We use Bayesian inference to derive an estimate of your model parameters given a dataset. The Baysig language gives you considerable flexibility in the model that is to be estimated, including:
The output of this calibration is the full joint probability distribution over the parameters given the data. This contains much more information than a simple point estimate. It conveys the parameter confidence and the correlation between parameters necessary for hedging against uncertainty.
We use posterior predictive checks to validate models compared to real datasets. This technique generates synthetic data sets by repeatedly simulating from the model based on parameters estimated from the data, and compares these synthetic datasets to the real dataset.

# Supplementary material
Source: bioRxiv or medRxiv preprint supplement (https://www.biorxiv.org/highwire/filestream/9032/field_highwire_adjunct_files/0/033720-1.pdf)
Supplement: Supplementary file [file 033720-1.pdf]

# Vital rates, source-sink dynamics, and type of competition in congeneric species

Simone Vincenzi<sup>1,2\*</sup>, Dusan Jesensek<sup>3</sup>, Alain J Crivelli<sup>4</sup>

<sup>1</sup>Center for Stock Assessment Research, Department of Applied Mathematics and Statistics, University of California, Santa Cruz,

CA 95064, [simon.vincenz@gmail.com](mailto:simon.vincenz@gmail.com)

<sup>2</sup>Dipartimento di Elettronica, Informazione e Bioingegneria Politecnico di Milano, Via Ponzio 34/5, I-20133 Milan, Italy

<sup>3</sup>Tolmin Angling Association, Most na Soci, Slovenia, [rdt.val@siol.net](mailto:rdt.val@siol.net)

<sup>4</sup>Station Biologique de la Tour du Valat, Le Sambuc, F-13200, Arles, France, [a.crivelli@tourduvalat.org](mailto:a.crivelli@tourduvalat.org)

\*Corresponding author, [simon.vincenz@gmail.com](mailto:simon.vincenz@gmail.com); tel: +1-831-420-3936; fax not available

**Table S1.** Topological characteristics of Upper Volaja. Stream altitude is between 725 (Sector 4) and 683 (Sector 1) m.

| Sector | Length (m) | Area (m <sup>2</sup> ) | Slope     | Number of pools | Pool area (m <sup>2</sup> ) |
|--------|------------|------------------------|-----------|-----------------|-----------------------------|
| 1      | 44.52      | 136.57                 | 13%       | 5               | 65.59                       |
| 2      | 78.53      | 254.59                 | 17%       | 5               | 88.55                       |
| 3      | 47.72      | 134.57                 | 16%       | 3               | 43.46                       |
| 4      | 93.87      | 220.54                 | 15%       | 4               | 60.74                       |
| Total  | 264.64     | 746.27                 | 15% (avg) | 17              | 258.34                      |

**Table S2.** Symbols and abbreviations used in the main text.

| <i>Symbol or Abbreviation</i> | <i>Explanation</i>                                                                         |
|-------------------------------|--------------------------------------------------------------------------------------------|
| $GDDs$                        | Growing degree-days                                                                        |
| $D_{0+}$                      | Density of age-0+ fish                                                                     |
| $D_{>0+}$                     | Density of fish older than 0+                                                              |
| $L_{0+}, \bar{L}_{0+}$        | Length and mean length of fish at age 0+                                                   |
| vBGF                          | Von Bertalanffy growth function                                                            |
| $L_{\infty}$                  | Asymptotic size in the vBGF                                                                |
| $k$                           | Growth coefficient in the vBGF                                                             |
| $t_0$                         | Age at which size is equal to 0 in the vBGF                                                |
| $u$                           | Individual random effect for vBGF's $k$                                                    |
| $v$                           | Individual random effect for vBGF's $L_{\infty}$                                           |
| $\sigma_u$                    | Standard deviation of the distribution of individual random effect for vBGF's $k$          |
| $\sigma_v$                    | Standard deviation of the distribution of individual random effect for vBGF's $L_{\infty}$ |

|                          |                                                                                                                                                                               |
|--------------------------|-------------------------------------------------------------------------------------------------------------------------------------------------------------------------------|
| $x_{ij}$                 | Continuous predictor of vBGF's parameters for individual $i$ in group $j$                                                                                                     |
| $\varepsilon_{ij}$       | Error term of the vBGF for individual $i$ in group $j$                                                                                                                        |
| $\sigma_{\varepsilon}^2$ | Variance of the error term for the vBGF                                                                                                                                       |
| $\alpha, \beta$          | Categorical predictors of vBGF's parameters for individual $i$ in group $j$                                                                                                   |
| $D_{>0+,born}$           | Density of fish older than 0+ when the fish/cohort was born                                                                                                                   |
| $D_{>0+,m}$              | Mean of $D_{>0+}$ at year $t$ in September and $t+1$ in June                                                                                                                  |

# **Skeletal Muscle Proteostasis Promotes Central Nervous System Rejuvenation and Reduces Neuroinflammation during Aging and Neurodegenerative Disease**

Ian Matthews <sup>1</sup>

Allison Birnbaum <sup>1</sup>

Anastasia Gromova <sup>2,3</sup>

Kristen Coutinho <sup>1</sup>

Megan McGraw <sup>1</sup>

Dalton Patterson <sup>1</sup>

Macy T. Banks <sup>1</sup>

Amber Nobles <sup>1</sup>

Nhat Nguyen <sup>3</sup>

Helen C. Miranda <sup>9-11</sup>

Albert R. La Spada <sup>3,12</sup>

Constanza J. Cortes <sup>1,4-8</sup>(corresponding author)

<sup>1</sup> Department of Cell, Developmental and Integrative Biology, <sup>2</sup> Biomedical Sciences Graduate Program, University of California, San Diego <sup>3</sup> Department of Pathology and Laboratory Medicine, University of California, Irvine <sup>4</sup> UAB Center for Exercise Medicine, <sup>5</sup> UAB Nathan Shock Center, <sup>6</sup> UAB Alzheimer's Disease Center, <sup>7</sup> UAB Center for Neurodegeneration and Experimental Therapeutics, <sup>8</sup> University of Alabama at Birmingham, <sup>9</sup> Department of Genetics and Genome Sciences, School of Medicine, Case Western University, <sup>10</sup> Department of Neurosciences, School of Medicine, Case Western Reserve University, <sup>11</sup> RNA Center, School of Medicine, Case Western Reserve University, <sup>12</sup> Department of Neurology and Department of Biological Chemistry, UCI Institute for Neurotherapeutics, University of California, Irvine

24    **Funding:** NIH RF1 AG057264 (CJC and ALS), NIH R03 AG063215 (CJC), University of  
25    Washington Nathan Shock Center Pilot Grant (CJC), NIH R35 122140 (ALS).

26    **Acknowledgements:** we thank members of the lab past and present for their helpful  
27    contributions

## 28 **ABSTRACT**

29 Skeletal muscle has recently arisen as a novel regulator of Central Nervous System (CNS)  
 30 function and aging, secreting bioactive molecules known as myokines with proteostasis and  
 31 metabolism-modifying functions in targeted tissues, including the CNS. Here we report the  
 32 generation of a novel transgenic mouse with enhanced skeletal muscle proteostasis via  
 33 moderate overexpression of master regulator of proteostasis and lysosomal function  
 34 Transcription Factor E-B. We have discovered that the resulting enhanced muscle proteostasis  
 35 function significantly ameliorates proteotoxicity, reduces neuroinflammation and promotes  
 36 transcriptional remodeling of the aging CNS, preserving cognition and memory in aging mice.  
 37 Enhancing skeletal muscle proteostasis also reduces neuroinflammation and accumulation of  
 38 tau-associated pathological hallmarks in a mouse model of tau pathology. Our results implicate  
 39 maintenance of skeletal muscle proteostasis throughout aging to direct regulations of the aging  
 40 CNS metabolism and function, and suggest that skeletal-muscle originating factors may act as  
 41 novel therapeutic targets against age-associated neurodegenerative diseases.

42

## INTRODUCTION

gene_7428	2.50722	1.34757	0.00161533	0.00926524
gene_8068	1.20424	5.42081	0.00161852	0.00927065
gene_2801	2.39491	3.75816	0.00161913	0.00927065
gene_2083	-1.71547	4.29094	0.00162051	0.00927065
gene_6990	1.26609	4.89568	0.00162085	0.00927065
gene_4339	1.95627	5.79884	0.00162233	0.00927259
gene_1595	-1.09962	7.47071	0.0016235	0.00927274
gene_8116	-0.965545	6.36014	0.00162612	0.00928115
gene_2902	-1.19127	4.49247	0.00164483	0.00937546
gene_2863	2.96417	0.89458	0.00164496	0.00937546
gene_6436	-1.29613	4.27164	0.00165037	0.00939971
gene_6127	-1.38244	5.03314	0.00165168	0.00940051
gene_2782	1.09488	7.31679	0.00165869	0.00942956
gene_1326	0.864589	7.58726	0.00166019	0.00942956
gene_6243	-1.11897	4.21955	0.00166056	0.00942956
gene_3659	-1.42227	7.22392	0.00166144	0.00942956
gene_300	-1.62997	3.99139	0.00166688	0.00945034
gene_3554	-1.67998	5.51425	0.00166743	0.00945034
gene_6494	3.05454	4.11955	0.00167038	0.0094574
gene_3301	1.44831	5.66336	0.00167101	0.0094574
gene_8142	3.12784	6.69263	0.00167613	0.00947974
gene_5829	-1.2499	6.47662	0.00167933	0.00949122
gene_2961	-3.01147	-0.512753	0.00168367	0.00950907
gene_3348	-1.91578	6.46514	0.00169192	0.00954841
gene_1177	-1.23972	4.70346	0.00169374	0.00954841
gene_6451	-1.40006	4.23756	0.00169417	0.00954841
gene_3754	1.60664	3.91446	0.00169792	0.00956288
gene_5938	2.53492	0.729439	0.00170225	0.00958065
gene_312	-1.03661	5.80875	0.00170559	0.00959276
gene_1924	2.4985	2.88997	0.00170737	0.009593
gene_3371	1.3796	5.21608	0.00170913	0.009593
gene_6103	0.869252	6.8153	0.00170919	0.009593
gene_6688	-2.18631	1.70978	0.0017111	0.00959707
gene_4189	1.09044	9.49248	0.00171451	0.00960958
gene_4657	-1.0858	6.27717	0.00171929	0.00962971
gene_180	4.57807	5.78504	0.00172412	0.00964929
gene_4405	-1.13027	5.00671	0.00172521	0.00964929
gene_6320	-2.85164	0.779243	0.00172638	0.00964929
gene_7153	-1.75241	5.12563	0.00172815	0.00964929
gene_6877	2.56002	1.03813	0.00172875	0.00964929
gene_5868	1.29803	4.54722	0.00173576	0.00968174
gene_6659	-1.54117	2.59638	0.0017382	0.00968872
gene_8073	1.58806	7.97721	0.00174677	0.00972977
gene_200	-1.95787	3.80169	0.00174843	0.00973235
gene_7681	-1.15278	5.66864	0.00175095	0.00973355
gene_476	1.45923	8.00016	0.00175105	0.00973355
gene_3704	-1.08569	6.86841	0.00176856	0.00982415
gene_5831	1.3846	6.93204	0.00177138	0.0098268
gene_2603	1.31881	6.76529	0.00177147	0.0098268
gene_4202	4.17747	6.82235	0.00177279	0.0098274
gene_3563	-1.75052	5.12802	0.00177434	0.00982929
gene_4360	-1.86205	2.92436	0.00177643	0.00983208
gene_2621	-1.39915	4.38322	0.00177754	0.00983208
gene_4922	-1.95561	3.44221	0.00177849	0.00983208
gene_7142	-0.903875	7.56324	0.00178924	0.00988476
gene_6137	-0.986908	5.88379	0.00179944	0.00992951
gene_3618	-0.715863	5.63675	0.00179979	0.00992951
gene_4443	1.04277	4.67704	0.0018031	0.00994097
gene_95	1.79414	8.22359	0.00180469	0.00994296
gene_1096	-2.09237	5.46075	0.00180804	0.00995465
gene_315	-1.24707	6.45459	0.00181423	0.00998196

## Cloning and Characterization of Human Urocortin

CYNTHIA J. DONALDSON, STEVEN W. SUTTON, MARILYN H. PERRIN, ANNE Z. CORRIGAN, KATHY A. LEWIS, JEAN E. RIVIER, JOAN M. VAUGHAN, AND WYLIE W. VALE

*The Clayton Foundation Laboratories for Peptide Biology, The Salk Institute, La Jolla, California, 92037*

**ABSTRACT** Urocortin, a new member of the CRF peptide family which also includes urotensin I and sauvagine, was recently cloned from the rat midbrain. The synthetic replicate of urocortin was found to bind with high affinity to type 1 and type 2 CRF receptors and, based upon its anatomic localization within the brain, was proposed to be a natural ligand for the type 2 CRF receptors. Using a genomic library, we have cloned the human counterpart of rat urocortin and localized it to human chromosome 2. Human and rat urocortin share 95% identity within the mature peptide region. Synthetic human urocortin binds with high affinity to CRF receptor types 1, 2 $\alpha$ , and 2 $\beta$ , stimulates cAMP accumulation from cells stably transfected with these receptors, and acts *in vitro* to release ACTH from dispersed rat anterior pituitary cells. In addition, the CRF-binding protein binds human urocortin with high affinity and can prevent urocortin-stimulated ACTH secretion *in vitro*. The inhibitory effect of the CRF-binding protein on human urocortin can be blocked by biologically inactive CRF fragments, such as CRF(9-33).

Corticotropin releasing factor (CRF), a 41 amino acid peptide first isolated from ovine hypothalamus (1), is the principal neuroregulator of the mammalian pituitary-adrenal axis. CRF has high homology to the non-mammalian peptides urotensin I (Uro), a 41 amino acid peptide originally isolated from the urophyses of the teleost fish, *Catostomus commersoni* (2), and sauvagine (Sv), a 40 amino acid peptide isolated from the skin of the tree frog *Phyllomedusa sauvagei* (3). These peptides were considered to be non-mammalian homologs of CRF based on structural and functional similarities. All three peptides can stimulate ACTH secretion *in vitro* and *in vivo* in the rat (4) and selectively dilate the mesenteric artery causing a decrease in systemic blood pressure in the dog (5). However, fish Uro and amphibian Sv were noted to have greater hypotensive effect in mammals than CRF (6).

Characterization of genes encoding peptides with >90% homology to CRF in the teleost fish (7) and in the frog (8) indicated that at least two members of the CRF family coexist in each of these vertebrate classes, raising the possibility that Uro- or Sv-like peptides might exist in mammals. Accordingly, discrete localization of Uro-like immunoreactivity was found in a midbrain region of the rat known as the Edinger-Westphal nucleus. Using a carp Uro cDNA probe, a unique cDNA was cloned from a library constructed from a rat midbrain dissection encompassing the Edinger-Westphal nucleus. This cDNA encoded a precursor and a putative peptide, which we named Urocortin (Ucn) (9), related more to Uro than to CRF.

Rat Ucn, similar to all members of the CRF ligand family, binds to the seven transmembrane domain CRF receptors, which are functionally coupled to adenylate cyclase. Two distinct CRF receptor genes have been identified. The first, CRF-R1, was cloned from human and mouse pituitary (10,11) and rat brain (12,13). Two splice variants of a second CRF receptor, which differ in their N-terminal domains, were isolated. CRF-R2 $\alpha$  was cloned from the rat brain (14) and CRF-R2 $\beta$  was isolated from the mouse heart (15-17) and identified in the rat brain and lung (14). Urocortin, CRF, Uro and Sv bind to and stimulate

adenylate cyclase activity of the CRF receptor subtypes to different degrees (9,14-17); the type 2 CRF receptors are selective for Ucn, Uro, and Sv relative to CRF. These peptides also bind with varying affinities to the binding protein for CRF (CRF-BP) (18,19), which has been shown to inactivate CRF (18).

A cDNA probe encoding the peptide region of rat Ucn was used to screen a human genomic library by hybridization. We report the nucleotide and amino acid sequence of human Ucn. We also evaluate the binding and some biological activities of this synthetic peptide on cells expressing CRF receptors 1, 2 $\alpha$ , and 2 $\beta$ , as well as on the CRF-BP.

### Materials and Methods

The advantage of the posterior predictive method is that it can probe very specific weaknesses of the model. In case such a model weakness is found, the model test can directly inform an improvement to the model to repair the underlying cause of test failure.
Based on a probabilistic model calibration, we can calculate almost any quantity of interest easily:
Calibrated models can be used to simulate a large number of synthetic datasets. These datasets can be used for:
The full uncertainty from Bayesian inference is propagated into any calculation made. For instance, the range of forecast values includes both the uncertainty in the estimating the current state and the uncertainty coming from the stochastic evolution of the model in the future.
You really should be doing this, too.
Baysig works on timeseries with irregular spacing, for instance financial datasets with no prices for weekends, based on stochastic calculus.